The definition we are going to use today is also contained within our WSU policy. Keep in mind that there are also state and federal laws that prohibit this behavior. Stalking is defined as engaging in a course of conduct directed at a specific person that would cause a reasonable person to fear for their safety or suffer substantial emotional distress. Note that the full definition can be found at WAC 504-26-223. (Facilitator FYI: you can find specific info on stalking here).

Sometimes stalking behaviors can appear very overt – involving force, or a stranger staring at you from your bushes. Stalking situations involving strangers do happen, but on a college campus like ours, the people involved generally know each other. It can be a friend or an acquaintance engaging in the behavior. People can stalk their partners they are currently in relationships with or used to be in a relationship with.

Often times, stalking behaviors mirror otherwise typical behaviors and interactions. Getting phone calls or texts from someone, or receiving gifts, might seem harmless (and even fun) to other people. But if someone doesn’t want these, it can feel frustrating, or even scary.

Sometimes students tell us it’s challenging to tell the difference between stalking and a healthy, everyday behavior. Even if what’s happening doesn’t break a law or violate a policy, you have every right to feel safe and supported on this campus. The bottom line is this: if someone is doing something that makes you feel unsafe in any way, that’s a problem, and there are people you can talk to.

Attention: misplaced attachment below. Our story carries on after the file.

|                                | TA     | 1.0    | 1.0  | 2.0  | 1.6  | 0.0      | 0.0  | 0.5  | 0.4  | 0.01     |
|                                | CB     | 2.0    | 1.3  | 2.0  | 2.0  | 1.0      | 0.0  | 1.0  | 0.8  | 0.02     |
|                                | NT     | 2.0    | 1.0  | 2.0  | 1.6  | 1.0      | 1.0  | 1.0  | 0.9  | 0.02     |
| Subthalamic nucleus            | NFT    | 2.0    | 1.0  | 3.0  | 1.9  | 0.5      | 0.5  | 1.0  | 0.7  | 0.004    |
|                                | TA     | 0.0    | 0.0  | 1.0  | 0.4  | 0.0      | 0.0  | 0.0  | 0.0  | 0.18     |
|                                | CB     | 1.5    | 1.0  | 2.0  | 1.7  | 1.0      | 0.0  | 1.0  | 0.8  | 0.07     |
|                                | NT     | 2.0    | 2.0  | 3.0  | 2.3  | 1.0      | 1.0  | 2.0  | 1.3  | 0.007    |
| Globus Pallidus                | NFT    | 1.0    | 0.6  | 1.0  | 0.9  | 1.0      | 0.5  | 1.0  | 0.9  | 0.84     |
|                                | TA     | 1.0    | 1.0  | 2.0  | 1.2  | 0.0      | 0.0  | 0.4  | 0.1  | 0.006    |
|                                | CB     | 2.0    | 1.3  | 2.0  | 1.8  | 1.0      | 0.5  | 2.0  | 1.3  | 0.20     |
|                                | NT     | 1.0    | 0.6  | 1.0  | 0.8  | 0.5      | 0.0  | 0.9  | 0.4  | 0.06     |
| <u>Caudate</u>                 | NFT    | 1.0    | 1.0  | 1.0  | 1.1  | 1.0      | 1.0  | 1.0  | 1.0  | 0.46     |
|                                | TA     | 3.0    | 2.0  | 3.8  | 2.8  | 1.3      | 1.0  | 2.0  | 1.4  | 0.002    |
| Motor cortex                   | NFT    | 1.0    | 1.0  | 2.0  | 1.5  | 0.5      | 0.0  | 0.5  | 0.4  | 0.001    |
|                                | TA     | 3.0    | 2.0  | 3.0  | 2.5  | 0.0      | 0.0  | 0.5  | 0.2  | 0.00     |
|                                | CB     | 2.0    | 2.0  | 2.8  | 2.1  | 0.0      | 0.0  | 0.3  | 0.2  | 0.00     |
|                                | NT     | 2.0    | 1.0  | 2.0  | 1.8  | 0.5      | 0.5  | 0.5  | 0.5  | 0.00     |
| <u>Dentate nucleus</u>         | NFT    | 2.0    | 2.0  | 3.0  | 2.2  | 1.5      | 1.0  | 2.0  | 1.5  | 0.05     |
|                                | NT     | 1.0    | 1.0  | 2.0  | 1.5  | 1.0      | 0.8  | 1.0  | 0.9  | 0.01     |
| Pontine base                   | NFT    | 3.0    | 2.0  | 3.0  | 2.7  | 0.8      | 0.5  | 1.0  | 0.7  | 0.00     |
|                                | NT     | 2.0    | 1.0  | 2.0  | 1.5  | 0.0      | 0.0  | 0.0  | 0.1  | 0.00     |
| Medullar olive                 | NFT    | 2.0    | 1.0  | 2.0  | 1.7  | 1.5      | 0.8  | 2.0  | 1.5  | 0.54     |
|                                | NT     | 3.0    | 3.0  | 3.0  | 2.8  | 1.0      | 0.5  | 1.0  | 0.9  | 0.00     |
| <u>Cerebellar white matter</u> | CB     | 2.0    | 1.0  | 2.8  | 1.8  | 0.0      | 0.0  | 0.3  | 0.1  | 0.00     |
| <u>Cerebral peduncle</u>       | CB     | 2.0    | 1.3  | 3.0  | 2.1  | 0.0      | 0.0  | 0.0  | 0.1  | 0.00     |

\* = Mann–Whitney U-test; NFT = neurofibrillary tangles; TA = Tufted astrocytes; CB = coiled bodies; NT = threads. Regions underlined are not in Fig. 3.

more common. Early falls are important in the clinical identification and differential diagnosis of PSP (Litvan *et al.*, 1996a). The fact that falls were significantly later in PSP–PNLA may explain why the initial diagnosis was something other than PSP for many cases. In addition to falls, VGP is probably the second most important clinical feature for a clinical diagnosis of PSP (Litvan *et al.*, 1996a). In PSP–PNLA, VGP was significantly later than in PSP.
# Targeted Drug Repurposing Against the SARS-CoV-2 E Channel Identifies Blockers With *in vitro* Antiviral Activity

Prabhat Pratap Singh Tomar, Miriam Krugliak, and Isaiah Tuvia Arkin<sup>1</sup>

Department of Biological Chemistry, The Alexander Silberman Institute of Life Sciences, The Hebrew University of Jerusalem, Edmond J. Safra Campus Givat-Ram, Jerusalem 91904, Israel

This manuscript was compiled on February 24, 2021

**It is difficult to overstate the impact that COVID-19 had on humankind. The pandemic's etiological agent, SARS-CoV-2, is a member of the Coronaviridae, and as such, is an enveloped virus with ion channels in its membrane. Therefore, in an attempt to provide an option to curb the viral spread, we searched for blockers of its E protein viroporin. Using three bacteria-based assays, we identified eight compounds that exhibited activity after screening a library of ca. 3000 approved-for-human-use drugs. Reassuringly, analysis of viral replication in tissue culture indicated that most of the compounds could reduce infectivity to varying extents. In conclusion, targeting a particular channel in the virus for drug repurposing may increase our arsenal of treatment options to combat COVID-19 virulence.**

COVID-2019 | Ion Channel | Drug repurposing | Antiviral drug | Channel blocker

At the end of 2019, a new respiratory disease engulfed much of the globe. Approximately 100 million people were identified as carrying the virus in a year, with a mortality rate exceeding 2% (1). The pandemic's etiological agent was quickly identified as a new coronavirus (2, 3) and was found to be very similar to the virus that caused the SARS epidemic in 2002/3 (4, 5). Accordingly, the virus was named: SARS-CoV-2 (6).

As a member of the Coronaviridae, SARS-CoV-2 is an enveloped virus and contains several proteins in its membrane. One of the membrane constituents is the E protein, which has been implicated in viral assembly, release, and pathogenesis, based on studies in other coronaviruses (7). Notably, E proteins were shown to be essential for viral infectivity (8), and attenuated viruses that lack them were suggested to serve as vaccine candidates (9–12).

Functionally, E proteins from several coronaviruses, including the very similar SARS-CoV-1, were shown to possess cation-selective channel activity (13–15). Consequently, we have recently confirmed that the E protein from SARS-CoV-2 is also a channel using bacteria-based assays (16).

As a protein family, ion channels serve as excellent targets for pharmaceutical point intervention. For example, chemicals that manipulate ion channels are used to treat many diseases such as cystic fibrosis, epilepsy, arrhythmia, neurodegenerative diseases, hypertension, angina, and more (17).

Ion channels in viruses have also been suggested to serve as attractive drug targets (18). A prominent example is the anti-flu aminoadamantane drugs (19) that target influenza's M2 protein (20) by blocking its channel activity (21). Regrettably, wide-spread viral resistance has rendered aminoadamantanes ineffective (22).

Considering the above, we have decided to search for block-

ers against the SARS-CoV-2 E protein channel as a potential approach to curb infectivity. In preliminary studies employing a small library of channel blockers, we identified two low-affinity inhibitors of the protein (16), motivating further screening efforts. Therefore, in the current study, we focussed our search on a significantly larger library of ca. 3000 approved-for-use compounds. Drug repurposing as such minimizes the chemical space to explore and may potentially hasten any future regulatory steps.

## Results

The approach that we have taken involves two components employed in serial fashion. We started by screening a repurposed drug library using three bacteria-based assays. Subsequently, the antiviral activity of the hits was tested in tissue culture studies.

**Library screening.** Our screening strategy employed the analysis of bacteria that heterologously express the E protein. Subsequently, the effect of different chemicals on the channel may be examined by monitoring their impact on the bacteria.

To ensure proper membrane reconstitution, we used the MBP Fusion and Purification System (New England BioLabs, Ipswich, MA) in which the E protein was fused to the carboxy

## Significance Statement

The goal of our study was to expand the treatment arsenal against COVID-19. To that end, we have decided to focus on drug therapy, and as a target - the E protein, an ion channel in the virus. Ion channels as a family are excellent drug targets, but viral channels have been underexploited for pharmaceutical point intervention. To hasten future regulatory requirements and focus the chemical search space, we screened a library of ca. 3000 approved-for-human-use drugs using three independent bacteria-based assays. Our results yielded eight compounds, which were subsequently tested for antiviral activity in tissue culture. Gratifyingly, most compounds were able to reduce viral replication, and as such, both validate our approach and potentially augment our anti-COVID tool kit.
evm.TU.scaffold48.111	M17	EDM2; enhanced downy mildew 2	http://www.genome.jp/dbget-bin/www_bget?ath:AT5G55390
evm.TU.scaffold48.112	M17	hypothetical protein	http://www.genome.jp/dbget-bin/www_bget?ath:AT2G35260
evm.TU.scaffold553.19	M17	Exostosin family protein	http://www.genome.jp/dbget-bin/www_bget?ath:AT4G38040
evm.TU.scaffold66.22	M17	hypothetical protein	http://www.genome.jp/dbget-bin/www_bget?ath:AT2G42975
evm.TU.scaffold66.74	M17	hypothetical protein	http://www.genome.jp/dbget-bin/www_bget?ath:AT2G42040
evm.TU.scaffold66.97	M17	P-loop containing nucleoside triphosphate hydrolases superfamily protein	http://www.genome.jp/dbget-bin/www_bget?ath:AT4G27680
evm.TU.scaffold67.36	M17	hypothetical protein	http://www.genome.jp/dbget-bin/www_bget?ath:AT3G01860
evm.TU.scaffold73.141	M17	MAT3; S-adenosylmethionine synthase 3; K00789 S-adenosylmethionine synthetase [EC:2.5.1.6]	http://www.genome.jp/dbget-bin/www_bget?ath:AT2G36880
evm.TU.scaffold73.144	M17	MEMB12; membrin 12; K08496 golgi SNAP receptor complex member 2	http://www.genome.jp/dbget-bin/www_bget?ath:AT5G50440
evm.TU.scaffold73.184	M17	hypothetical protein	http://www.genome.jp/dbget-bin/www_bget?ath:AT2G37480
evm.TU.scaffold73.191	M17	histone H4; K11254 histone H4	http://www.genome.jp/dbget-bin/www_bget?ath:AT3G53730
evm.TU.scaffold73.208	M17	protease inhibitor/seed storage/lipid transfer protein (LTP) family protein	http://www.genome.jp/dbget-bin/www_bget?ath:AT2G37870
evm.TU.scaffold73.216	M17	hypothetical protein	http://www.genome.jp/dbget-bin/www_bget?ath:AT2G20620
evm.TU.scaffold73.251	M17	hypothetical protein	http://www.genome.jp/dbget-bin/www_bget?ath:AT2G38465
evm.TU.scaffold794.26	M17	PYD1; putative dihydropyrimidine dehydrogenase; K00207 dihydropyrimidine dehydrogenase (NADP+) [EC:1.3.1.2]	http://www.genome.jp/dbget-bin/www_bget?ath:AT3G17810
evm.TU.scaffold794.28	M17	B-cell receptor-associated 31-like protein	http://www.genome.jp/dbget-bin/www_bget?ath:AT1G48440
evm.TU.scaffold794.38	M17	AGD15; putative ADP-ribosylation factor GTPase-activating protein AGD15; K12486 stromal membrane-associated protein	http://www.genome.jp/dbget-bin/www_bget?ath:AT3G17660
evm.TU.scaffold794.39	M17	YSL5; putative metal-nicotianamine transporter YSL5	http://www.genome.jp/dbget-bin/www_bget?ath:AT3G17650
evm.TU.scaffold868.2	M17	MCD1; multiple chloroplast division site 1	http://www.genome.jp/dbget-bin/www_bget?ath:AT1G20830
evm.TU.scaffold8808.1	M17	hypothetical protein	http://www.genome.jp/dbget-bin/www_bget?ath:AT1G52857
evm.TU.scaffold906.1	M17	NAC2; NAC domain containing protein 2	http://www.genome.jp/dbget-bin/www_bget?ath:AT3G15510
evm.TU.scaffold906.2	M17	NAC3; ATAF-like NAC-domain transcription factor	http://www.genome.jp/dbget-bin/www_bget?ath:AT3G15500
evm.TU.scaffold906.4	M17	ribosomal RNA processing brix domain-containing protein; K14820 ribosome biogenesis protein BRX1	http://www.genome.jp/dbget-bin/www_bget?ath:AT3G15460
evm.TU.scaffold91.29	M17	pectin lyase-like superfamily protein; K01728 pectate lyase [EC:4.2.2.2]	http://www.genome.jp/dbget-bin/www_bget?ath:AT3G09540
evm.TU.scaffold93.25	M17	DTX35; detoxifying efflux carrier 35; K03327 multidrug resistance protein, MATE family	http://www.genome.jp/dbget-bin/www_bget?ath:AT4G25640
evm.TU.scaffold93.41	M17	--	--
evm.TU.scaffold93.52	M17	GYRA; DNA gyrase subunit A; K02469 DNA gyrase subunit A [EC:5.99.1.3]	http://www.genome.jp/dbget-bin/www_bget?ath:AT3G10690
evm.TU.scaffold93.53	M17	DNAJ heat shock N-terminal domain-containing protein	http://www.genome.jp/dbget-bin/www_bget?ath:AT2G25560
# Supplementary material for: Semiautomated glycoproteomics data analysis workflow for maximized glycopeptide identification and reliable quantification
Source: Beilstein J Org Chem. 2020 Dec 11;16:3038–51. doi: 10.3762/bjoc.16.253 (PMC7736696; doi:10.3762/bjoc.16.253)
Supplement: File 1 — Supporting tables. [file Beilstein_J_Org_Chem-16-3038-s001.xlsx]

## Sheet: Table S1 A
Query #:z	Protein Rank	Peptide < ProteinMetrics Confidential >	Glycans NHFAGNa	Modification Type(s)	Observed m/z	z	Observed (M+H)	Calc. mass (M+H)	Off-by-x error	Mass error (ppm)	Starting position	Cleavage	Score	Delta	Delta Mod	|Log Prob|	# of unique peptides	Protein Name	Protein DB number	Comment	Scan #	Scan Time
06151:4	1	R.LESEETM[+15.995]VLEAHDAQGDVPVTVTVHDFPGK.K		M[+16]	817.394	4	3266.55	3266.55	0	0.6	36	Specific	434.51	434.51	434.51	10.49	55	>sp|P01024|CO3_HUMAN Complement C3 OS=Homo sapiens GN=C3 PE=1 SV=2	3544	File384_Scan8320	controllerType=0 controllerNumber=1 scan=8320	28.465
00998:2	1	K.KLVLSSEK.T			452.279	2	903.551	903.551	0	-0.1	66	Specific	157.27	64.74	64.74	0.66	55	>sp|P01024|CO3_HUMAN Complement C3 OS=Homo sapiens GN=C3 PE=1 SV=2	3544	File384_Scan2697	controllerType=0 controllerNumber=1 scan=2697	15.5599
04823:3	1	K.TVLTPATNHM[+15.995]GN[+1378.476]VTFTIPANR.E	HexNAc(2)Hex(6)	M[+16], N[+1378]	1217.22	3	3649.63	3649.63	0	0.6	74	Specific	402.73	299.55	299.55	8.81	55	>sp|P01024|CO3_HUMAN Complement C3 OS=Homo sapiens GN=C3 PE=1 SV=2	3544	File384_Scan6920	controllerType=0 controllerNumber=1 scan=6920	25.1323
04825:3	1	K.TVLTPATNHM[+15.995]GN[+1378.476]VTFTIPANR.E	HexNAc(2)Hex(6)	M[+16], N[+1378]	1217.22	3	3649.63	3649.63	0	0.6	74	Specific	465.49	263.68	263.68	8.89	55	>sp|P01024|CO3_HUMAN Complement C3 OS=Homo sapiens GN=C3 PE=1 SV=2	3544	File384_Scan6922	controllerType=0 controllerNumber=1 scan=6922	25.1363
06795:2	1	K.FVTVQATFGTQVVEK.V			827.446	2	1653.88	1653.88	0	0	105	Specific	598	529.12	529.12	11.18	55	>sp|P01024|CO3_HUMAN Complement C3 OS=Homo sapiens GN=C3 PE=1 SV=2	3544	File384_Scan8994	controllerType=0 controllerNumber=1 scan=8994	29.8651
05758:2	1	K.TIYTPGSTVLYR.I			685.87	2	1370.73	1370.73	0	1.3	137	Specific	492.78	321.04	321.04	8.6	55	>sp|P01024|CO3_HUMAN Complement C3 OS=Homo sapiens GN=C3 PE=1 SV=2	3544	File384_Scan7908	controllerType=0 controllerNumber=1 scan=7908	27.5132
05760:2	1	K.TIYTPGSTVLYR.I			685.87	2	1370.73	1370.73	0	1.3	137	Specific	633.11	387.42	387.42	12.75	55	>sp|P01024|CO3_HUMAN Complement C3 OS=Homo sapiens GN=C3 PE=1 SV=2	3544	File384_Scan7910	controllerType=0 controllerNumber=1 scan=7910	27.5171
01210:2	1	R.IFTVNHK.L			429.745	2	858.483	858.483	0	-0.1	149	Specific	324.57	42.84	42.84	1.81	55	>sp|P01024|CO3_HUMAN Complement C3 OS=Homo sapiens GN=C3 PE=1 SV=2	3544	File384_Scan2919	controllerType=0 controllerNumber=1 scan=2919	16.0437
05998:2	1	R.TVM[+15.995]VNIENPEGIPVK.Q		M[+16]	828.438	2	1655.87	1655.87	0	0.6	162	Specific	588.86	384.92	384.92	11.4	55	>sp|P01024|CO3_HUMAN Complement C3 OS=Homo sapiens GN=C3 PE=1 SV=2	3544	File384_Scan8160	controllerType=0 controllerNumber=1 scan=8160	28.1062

Slide 6: Sexual Misconduct

The definition we are going to use today is also contained within our WSU policy. Keep in mind that there are also state and federal laws that prohibit this behavior. Sexual misconduct is any sexual activity that is lacking consent (WAC 504-26-221). This term covers a range of behaviors that can include rape. It can include any nonconsensual physical contact. This can also include watching or filming someone when they have not given permission.

It is important to note that situations involving strangers do happen, but they are rare on college campuses. Sexual misconduct most often occurs between people who know each other – same residence hall, classmates, co-workers, acquaintances. It can also happen in relationships.

The main point to remember is that any sexual activity must be consensual. Consent is a process that occurs constantly in our daily lives. We ask permission, give permission, agree, disagree, and negotiate in everything that we do. This includes our sex lives.

 

Slide 7: Consent